Dr Phares, for those who do not know much about him, is a right-wing Christian Lebanese-American academic and political activist, who for a long while was very close to the Christian militias which fought the Lebanese War (1975-1990), and metamorphosed after bouts of infighting, schisms and reorganization into ‘The Lebanese Forces’ party. As there may be no need to dwell much on the history of that war, its various groups, or the “achievements” of these fighting groups regardless of their slogans, it is worth mentioning what follows:

Firstly, the ‘The Lebanese Forces’ in its current form is a civilian political party, represented in Parliaments by a bloc of deputies (MPs), and it was one of the fighting groups that gave up and handed over their arms after the ‘Taif Accords’.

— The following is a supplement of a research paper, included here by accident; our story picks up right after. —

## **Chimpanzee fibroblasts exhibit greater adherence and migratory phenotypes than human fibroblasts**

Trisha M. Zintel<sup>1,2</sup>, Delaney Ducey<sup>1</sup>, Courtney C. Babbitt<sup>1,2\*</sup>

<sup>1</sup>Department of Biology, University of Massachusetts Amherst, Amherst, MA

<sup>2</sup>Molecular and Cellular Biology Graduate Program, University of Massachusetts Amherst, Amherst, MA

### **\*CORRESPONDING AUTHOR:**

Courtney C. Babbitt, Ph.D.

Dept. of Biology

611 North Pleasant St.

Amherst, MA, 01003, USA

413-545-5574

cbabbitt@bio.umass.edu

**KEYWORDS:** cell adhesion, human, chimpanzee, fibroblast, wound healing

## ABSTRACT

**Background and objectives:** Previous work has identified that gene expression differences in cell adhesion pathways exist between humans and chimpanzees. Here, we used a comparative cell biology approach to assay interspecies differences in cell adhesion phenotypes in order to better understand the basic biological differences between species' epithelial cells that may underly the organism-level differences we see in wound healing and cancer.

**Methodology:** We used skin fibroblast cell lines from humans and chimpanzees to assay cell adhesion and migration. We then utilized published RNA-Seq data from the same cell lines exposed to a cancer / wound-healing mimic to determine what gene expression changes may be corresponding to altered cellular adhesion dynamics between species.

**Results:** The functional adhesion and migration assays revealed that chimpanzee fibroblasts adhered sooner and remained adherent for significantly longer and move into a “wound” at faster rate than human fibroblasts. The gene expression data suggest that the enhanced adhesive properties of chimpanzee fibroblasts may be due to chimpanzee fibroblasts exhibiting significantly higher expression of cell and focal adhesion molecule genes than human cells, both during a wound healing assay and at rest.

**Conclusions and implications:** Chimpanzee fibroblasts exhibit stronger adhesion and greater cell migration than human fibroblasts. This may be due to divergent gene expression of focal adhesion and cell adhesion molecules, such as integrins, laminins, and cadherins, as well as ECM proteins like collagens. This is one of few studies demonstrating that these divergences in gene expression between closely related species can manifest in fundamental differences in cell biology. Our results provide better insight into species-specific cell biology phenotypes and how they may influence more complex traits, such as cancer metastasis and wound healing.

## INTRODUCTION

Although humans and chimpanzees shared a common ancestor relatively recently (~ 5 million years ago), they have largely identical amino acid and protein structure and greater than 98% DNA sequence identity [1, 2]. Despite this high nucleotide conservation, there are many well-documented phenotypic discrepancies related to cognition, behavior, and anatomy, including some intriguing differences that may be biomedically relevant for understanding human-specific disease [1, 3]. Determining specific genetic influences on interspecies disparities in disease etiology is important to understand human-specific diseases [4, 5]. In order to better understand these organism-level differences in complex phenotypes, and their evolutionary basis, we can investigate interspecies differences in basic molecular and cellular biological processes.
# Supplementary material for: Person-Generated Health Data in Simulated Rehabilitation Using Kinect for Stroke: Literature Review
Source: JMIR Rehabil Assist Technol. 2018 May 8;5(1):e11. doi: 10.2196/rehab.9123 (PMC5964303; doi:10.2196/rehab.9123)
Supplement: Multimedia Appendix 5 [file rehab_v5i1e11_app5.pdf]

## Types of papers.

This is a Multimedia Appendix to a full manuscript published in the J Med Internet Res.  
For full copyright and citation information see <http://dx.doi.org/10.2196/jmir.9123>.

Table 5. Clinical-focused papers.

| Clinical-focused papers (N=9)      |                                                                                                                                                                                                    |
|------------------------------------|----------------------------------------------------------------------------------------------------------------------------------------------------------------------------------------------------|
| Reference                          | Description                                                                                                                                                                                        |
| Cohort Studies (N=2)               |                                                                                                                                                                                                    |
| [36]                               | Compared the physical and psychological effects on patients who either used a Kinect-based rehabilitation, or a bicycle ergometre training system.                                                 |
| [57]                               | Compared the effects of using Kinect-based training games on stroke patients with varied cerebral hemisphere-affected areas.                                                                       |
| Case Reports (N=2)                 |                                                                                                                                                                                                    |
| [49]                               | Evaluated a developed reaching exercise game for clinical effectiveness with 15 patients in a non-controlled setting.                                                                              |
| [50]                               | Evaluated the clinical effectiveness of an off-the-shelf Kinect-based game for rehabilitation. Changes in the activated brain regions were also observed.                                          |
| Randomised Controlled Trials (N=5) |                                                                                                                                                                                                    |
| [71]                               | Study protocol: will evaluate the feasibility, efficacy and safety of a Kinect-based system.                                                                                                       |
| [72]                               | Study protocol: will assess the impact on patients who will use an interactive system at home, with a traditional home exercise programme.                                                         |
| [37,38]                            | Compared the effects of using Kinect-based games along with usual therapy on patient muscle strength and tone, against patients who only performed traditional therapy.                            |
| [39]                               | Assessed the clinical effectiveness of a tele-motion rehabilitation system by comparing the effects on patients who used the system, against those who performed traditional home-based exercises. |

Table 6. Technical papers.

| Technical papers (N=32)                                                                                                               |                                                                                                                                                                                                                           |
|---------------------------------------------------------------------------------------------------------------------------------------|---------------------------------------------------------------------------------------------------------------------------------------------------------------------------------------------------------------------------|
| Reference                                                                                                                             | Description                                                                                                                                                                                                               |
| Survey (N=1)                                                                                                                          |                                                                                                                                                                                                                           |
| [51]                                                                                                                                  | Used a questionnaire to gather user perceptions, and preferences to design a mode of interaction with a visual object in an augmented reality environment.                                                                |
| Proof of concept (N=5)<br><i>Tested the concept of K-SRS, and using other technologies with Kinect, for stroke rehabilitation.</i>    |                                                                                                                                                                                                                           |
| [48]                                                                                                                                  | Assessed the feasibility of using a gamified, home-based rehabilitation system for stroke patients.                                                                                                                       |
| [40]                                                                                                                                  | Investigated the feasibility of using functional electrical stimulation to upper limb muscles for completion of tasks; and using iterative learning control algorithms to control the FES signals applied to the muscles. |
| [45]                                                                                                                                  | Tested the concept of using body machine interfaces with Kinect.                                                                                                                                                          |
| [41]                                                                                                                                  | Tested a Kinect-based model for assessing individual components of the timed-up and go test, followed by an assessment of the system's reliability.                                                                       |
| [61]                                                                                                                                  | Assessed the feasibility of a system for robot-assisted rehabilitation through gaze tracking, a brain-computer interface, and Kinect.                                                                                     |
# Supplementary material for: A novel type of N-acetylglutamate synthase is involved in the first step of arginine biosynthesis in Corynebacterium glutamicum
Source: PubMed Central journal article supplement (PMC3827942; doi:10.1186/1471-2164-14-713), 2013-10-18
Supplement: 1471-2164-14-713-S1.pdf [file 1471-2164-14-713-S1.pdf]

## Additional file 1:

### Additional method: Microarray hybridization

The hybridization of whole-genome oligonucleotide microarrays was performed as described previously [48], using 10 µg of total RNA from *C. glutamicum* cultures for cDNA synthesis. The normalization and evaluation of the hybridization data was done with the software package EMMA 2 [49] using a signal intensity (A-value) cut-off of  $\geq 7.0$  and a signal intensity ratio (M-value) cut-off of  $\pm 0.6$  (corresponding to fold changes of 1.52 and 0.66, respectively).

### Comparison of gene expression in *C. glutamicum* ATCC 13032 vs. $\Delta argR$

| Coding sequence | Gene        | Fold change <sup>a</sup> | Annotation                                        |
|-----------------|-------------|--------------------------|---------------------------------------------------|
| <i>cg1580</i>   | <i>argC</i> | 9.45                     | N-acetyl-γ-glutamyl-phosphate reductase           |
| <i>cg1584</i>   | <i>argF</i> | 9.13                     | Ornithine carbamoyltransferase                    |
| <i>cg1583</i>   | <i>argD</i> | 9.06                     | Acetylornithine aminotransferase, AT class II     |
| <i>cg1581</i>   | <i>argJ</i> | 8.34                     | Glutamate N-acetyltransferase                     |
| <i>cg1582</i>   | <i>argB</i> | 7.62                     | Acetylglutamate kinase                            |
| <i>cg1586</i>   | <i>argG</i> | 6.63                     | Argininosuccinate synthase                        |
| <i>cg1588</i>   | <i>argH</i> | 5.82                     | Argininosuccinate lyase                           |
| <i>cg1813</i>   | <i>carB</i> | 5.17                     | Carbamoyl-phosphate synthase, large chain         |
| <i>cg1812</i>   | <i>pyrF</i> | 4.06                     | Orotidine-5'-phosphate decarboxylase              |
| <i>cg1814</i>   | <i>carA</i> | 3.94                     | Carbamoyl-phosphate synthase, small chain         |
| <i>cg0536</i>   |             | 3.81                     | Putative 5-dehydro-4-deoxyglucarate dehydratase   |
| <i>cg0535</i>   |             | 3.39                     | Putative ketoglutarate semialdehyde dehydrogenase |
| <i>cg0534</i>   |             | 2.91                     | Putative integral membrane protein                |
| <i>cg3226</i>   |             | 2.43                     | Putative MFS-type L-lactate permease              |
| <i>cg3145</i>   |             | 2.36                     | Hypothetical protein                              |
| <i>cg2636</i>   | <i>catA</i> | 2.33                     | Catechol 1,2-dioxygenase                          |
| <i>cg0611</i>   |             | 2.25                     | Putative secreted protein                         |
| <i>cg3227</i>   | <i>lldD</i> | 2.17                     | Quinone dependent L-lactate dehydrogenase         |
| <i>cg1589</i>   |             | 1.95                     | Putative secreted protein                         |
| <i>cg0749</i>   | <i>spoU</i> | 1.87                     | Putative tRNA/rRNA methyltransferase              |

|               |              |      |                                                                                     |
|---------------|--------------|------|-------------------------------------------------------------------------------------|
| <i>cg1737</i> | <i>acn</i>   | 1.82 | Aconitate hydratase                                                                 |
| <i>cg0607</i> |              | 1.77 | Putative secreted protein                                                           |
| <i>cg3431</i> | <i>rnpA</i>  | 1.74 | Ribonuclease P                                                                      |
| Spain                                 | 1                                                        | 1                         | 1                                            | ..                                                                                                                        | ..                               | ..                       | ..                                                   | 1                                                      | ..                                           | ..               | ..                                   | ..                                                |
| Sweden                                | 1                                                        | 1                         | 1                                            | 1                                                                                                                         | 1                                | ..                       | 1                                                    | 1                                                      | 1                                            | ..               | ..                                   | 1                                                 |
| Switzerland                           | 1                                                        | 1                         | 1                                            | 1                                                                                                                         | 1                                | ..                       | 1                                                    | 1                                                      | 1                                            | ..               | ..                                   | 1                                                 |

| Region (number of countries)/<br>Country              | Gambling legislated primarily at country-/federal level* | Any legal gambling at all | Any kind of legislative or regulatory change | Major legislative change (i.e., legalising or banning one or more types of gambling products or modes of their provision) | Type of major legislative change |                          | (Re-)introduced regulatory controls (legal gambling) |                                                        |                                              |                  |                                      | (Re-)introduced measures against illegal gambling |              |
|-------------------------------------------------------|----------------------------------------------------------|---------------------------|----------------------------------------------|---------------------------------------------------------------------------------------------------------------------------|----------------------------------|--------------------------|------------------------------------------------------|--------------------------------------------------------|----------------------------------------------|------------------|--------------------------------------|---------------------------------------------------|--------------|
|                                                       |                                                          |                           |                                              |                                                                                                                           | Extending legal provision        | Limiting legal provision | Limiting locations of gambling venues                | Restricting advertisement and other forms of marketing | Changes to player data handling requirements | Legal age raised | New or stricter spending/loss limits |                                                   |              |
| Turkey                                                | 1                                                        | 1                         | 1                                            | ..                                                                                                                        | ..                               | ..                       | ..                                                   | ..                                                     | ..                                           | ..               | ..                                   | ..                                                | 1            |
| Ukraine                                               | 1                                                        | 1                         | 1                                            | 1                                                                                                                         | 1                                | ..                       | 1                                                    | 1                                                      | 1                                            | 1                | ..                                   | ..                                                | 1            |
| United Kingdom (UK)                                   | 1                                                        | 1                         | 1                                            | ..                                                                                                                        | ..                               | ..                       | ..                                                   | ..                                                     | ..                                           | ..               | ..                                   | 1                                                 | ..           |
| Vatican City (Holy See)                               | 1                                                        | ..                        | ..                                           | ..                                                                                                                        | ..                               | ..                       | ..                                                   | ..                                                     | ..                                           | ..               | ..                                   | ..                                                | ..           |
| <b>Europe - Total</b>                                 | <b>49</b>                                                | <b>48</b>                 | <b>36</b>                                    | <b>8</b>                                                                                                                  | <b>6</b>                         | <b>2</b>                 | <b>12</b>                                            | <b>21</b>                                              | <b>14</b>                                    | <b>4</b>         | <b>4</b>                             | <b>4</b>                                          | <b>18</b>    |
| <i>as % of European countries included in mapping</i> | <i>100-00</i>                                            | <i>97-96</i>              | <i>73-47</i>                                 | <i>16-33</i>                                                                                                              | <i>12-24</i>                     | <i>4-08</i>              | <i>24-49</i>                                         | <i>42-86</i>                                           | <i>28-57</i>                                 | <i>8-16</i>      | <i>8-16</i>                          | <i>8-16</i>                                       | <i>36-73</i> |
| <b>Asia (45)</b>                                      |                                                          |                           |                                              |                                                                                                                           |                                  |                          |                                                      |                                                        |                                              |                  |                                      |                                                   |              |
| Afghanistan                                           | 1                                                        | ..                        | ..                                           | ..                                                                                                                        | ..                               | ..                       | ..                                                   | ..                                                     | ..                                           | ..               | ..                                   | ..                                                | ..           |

Secondly, ‘The Lebanese Forces’ was initially an ‘umbrella militia’ created by Bechir Gemayel, the former commander of ‘The Lebanese Phalange’ (Kata’eb) and Lebanese president-elect, as the fruit of his plan to “unify Christian guns” against the then Pan-Arab and Leftist “National Movement” and its Palestinian allies. This means the ‘Forces’ were, from an organizational aspect, a group made up of several militia that included in addition to the Kata’eb’s, the National Liberal Party’s ‘Numour’ (i.e. Tigers) and ‘The Maronite Organization’’s ‘Tanzeem’.

Thirdly, following the assassination of Bechir Gemayel in the autumn of 1982 – shortly after being ‘elected’ president – many aspiring factional leaders emerged and competed to succeed as the ‘Christians’ strongman’ at the helm of the ‘Forces’. Some were defeated and left, others were killed, the rest deserted politics altogether. Dr Samir Geagea, a former ‘Kata’eb’ young militia commander emerged victorious and became the leader of the ‘Forces’, however, many of the disgruntled veterans never recognized him, and remained outside the re-formed party.